- Family Services Committee Meeting On September 15 and 16 the Family Services Committee met to review the top scoring applications for the Family Services Community Grants. The committee looked for applications that increase the services for people with autism, as well as to expand the field of service providers. Other factors considered during the review process were innovation and creativity, ability to address the needs of the underserved, replicability, clarity of the proposal, qualifications of the organization, well documented budget and sustainability. As a result of this meeting recommendations will be made to the Autism Speaks board of directors for approval during the December board meeting.
- President Obama signed the Combating Autism Reauthorization Act into law, this was Autism Speaks’ top legislative priority this year.
- Autism Speaks joined with California Senate President Pro-Tem Darrell Steinbergat a series of rallies urging Gov. Jerry Brown to sign an autism insurance reform bill into law. The effort received a boost in late September when the Los Angeles Times urged the Governor to sign the bill in an editorial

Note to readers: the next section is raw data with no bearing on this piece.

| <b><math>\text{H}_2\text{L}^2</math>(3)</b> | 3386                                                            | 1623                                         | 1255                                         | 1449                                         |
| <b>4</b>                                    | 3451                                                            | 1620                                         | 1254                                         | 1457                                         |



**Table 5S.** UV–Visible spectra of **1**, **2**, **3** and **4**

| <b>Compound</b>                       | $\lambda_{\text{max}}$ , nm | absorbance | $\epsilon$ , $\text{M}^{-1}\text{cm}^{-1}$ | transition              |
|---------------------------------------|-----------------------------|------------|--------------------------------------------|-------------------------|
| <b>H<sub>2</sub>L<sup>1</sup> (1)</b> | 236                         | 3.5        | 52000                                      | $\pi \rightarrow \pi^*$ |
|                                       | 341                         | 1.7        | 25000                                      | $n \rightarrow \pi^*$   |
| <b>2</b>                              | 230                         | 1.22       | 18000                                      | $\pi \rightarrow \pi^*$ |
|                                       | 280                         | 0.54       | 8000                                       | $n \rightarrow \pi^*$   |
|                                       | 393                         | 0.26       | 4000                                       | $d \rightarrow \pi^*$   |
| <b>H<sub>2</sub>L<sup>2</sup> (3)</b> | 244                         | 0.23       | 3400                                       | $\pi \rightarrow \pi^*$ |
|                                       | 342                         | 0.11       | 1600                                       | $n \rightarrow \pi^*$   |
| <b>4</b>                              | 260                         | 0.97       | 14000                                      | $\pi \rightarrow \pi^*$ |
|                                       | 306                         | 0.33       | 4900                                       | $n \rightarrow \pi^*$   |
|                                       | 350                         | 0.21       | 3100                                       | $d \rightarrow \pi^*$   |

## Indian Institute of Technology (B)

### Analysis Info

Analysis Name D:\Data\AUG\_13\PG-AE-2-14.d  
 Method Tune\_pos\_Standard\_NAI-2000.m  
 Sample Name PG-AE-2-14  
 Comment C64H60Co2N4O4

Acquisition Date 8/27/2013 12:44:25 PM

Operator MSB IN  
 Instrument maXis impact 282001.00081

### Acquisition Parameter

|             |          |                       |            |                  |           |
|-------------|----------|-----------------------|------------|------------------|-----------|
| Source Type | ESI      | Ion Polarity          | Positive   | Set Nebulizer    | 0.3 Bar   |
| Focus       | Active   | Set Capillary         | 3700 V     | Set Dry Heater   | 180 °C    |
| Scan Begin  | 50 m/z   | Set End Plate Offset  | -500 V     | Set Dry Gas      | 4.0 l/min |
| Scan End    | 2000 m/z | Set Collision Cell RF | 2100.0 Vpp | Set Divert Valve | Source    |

- Michigan has become the primary target for autism insurance reform as a new legislative campaign gears up to enact a bill into law
Want to get more involved with Autism Speaks advocacy efforts? Sign up to become an advocate on www.autismvotes.org or text “AVotes” to 30644 to be added to our mobile alert list.
- Hacking Autism As part of a collaboration on the “Hacking Autism” initiative with HP and the Flutie Foundation, Autism Speaks participated in the World Maker Faire at the New York Hall of Science on September 17 and 18. “Hacking Autism” was launched in June 2011 to seek new ideas for technology applications beneficial to people with autism. At Maker Faire, seven app ideas were announced as finalists to be built by volunteer software developers at the HP Hackathon in October. In addition announcing the “Hacking Autism” finalists, Autism Speaks used the popular tech convention as a platform to disseminate information about its mission and raise autism awareness. Catch up by reading our blog post on Collaboration, technology and making things.
- Parents Magazine “Wishes” Autism Speaks worked with Parents to develop a “wish” for autism that we would like to see come through within the next decade that will be featured in the October issue of the magazine. On September 15, Autism Speaks and Parents both posted the wish – that every child is screened early for autism – on their social networking sites and asked families to share their wish for autism.